Finance minister P Chidambaram said on Wednesday that fighting inflation and maintaining fiscal discipline were top priorities, and suggested that RBI's money-tightening measures were not doing enough to control prices and government policy to boost farm-to-retail linkages were critical.
Monetary policy is a "rather blunt instrument" to tame inflation, the minister told the Delhi Economics Conclave, where RBI governor Raghuram Rajan was also present.
"The answer to inflation is to increase supplies and to radically transform the manner in which commodities and food articles are stored, transported, distributed and sold in various markets, especially urban markets," Chidambaram said.
"There can be no compromise — and I speak for the Government when I say this — on the decision to walk on the path of fiscal prudence and contain the fiscal deficit, step by step, year by year, until we reach the goal of 3% of GDP in 2016-17," Chidambaram said.
The government's fiscal deficit already touched 84% of the full-year target by October-end, raising questions on whether it will be able to keep it under 4.8% of GDP in 2013-14.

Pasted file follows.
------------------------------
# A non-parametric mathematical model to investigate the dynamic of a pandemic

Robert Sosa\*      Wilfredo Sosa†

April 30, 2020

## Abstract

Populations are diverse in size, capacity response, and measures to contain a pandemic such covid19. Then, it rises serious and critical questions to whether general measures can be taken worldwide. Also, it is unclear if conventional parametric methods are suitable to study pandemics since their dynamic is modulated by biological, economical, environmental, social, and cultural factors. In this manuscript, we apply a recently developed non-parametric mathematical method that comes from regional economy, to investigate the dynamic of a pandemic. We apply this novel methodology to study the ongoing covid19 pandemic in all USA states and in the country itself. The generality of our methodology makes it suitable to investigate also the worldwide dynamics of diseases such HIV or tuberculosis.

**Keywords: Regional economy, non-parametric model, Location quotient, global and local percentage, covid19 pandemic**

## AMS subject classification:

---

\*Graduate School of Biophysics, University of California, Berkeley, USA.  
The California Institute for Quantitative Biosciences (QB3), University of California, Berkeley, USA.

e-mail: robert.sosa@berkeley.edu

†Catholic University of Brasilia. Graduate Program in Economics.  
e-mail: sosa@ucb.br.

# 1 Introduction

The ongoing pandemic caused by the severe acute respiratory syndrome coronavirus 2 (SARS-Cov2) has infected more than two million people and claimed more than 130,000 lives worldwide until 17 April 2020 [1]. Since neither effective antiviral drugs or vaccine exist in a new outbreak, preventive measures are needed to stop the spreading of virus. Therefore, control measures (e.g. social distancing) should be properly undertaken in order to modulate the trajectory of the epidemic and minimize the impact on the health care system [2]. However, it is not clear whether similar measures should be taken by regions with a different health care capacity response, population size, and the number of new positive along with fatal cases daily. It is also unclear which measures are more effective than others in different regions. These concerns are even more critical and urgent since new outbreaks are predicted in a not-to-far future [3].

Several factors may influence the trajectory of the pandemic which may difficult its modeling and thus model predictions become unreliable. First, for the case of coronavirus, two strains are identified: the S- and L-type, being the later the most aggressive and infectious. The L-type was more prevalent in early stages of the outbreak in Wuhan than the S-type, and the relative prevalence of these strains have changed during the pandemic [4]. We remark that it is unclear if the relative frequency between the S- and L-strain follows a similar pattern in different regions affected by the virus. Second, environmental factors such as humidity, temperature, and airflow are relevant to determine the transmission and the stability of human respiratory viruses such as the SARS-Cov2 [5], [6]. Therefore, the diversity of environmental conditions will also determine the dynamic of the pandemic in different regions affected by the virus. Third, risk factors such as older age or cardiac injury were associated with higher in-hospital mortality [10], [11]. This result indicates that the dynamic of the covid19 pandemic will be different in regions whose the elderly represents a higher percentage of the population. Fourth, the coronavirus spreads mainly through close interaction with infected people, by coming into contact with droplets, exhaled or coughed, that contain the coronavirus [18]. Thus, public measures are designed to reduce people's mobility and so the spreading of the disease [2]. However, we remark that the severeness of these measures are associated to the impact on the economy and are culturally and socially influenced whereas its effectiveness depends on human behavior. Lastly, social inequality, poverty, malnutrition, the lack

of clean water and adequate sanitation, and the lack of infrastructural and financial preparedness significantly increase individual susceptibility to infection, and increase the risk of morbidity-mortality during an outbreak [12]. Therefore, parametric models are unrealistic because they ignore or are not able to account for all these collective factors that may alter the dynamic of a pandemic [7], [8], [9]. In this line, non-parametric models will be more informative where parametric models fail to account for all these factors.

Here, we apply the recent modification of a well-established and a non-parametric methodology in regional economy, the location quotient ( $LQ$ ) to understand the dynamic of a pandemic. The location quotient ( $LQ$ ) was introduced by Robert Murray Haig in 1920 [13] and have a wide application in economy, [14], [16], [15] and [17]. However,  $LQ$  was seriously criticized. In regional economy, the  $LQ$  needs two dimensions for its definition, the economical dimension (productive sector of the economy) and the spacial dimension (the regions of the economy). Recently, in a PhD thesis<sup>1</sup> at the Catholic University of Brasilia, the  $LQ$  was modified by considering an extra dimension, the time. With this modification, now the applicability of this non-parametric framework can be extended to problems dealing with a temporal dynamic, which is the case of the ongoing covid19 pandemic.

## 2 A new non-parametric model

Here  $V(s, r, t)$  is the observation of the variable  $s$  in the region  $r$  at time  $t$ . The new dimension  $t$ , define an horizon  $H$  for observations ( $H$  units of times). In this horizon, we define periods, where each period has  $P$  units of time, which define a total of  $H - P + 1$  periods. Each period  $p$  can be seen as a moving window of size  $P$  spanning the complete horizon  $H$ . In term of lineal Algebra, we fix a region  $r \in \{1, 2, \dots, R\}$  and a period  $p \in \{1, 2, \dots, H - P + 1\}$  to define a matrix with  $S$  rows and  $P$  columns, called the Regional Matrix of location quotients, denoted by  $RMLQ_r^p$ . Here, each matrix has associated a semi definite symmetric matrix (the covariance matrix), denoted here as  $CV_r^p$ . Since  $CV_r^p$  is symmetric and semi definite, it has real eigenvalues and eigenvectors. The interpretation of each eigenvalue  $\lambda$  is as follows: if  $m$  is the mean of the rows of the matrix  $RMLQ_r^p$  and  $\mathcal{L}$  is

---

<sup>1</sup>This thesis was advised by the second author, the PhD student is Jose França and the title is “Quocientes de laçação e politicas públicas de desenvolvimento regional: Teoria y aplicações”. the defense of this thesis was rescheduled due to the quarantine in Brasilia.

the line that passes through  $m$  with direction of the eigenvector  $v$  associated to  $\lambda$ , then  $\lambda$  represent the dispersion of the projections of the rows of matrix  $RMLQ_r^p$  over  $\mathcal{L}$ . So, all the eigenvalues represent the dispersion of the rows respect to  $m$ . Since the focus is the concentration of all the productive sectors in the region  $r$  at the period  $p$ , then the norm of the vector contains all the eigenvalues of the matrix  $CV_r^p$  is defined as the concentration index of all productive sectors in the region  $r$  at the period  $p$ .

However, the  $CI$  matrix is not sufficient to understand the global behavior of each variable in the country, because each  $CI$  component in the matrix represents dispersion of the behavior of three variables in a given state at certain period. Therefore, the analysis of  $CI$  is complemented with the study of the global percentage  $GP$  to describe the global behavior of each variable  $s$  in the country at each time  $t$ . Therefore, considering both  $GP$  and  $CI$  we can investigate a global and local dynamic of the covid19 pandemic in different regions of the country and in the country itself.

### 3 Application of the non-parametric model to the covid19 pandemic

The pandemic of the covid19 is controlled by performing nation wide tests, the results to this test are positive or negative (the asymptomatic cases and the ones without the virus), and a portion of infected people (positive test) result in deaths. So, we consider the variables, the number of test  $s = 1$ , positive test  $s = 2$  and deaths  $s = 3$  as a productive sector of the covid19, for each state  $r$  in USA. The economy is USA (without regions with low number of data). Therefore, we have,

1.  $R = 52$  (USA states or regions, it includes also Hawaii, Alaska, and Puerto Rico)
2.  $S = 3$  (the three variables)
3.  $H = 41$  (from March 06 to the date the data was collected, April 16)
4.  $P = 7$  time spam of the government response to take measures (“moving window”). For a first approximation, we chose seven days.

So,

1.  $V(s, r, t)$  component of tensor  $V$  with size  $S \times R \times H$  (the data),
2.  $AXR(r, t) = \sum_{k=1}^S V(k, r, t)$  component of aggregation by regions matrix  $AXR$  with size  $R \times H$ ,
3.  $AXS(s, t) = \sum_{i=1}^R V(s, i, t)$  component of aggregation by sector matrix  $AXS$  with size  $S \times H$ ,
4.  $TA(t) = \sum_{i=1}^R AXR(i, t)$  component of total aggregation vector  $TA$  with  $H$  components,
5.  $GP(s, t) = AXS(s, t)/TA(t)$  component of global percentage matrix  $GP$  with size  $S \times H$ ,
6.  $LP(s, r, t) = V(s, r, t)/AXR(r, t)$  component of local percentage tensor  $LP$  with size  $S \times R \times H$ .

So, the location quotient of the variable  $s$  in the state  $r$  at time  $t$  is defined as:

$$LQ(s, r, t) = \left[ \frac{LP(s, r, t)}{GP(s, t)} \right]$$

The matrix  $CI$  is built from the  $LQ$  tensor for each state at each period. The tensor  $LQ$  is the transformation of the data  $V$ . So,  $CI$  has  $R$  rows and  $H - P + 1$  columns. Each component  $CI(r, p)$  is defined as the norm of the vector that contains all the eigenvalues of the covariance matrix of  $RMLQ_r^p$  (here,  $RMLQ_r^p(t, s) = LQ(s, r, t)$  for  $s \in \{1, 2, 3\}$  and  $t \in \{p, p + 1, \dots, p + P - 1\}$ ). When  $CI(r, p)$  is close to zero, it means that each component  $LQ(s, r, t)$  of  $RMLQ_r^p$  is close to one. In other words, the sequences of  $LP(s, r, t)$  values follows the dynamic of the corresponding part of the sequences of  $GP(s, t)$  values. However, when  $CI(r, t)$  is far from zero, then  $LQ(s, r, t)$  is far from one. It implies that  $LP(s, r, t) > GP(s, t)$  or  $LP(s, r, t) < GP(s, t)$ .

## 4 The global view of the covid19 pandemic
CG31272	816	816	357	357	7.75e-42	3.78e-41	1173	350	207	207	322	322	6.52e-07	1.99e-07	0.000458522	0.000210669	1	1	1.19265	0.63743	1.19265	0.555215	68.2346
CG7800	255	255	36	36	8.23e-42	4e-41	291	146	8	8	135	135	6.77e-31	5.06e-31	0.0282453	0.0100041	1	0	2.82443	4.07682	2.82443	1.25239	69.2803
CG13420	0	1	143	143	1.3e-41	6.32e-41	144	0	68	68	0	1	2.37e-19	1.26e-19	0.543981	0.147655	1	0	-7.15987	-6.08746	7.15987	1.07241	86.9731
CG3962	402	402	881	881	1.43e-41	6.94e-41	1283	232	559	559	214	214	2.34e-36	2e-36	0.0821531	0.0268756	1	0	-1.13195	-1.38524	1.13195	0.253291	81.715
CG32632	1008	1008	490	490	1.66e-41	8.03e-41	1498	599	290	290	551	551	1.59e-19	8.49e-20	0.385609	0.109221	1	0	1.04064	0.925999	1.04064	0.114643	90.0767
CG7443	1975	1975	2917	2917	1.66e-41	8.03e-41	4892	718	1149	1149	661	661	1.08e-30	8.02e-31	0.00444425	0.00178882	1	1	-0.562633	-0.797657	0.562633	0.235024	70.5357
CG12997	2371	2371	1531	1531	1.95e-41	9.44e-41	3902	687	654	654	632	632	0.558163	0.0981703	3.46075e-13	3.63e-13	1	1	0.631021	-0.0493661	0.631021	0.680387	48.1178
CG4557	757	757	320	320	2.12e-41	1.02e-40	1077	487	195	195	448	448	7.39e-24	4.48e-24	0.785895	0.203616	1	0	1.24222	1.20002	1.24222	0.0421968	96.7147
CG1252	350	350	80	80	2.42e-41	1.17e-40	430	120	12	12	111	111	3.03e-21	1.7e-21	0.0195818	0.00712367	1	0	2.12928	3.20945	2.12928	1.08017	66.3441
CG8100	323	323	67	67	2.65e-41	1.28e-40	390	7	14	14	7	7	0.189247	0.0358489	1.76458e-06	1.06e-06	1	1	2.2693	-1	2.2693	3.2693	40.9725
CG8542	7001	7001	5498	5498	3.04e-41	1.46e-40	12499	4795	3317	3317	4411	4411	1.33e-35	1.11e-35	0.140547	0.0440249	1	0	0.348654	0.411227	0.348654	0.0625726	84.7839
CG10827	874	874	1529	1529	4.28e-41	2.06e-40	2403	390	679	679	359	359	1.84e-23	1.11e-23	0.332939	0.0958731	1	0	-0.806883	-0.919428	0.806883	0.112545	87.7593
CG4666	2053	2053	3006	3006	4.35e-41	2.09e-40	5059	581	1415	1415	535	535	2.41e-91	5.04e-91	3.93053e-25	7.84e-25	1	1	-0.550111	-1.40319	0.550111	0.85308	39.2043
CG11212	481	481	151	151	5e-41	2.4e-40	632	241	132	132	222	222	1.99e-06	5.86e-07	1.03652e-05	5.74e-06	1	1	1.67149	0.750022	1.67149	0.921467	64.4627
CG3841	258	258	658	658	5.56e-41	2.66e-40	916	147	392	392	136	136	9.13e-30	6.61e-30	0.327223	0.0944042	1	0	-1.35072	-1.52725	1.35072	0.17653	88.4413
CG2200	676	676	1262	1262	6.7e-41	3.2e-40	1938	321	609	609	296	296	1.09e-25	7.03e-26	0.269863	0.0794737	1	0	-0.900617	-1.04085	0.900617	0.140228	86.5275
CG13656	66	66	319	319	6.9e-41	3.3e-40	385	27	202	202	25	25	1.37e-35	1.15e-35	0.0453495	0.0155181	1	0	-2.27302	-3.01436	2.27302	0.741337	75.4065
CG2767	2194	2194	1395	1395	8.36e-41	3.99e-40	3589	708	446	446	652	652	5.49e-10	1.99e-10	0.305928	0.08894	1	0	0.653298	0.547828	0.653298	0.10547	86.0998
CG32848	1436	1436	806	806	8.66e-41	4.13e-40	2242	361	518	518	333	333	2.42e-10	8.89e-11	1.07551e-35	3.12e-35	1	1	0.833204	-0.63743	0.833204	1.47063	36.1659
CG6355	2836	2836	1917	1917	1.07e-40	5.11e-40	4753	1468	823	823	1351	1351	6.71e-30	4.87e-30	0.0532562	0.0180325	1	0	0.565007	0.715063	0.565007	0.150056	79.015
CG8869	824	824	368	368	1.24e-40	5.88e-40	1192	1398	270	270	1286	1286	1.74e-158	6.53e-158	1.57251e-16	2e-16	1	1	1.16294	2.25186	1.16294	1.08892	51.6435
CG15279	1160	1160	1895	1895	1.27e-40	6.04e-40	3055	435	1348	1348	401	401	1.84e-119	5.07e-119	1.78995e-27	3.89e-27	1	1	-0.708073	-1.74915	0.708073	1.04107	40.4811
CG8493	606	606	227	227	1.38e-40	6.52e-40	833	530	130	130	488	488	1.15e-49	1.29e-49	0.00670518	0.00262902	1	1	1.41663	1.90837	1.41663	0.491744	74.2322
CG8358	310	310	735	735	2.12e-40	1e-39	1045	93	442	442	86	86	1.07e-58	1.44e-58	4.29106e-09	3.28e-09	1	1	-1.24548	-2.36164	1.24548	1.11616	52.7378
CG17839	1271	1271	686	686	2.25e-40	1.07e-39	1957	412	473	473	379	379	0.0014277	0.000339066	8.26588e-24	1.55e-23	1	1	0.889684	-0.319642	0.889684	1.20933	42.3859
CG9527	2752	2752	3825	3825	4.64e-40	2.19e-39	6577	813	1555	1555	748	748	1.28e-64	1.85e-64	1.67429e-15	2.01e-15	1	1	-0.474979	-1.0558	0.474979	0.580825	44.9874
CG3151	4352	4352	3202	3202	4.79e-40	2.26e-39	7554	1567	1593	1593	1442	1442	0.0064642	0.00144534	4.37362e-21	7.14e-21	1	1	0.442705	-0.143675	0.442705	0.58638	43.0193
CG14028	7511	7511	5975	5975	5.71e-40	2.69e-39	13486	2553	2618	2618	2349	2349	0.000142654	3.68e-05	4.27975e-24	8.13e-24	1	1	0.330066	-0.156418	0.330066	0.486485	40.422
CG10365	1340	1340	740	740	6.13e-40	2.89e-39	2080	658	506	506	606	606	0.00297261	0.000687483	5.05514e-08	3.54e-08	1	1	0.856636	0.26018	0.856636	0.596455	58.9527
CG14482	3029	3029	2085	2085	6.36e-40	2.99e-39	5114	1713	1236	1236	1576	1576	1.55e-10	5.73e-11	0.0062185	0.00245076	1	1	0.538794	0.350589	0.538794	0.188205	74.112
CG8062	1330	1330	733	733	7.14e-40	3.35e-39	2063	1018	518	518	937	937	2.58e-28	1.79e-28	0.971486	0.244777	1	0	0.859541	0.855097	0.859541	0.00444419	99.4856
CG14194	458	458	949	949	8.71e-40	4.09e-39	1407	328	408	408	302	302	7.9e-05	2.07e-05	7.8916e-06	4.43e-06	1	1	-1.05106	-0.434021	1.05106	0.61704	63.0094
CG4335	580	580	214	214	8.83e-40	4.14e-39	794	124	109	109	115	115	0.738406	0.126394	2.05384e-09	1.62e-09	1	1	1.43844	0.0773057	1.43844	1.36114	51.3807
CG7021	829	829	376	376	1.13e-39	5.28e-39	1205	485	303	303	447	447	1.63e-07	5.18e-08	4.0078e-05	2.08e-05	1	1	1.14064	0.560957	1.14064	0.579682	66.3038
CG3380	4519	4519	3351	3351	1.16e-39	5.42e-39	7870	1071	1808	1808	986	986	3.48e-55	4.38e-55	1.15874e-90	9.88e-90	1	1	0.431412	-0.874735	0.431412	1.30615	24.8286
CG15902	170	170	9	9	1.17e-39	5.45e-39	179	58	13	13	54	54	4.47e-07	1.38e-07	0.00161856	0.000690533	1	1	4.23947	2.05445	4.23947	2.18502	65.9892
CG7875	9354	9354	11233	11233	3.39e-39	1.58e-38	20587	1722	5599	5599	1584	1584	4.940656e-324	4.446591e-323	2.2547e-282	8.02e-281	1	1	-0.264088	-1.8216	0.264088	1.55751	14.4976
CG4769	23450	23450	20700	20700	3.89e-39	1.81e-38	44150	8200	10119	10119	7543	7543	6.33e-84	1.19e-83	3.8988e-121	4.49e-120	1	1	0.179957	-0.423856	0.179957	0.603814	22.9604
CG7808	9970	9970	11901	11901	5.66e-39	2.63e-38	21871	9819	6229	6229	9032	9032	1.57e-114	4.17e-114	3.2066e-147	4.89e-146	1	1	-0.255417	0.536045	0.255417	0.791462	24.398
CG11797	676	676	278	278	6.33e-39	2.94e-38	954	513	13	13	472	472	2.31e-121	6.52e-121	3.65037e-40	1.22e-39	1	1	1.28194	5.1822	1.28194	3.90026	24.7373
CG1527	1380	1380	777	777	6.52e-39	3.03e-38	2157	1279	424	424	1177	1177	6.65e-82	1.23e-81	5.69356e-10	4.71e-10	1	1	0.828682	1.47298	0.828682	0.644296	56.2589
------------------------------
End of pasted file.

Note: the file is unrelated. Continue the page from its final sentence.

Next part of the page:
Credit rating agencies such as Fitch Ratings have cautioned that Congress party's defeat in the in the recently-concluded Assembly elections, could upset expenditure cut-back plans.
India's wholesale inflation rose to 7% in October from a year ago, an eight-month high, as consumers continued to battle a sticky spell of high prices and deepening problems for a government trying to push growth in an election year. Retail prices, on the other hand, touched double-digits at 10.09% in October.
"It is common knowledge that the government of the day will pay a price for high inflation, especially if inflation persists over a long time," Chidambaram said, attributing the current spell of high prices to costlier food.
The RBI has raised interest rates several times this year to try to lower demand and cool prices. On Wednesday the central bank governor hinted that more measures could be coming in its policy review next week.
Rajan said the central bank could consider making future borrowings more expensive for wilful defaulters.
"For wilful defaulters or a new category that we call uncooperative defaulter, future borrowing will become more expensive. By uncooperative defaulter I mean those who don't work with their lenders to achieve equitable and efficient resolution of stressed assets," he said.
"Next week, we propose to put out a discussion paper... The key element (will be) to deal with distressed borrower...It (the paper) will focus on recognition, resolution and recovery (of assets)," Rajan said.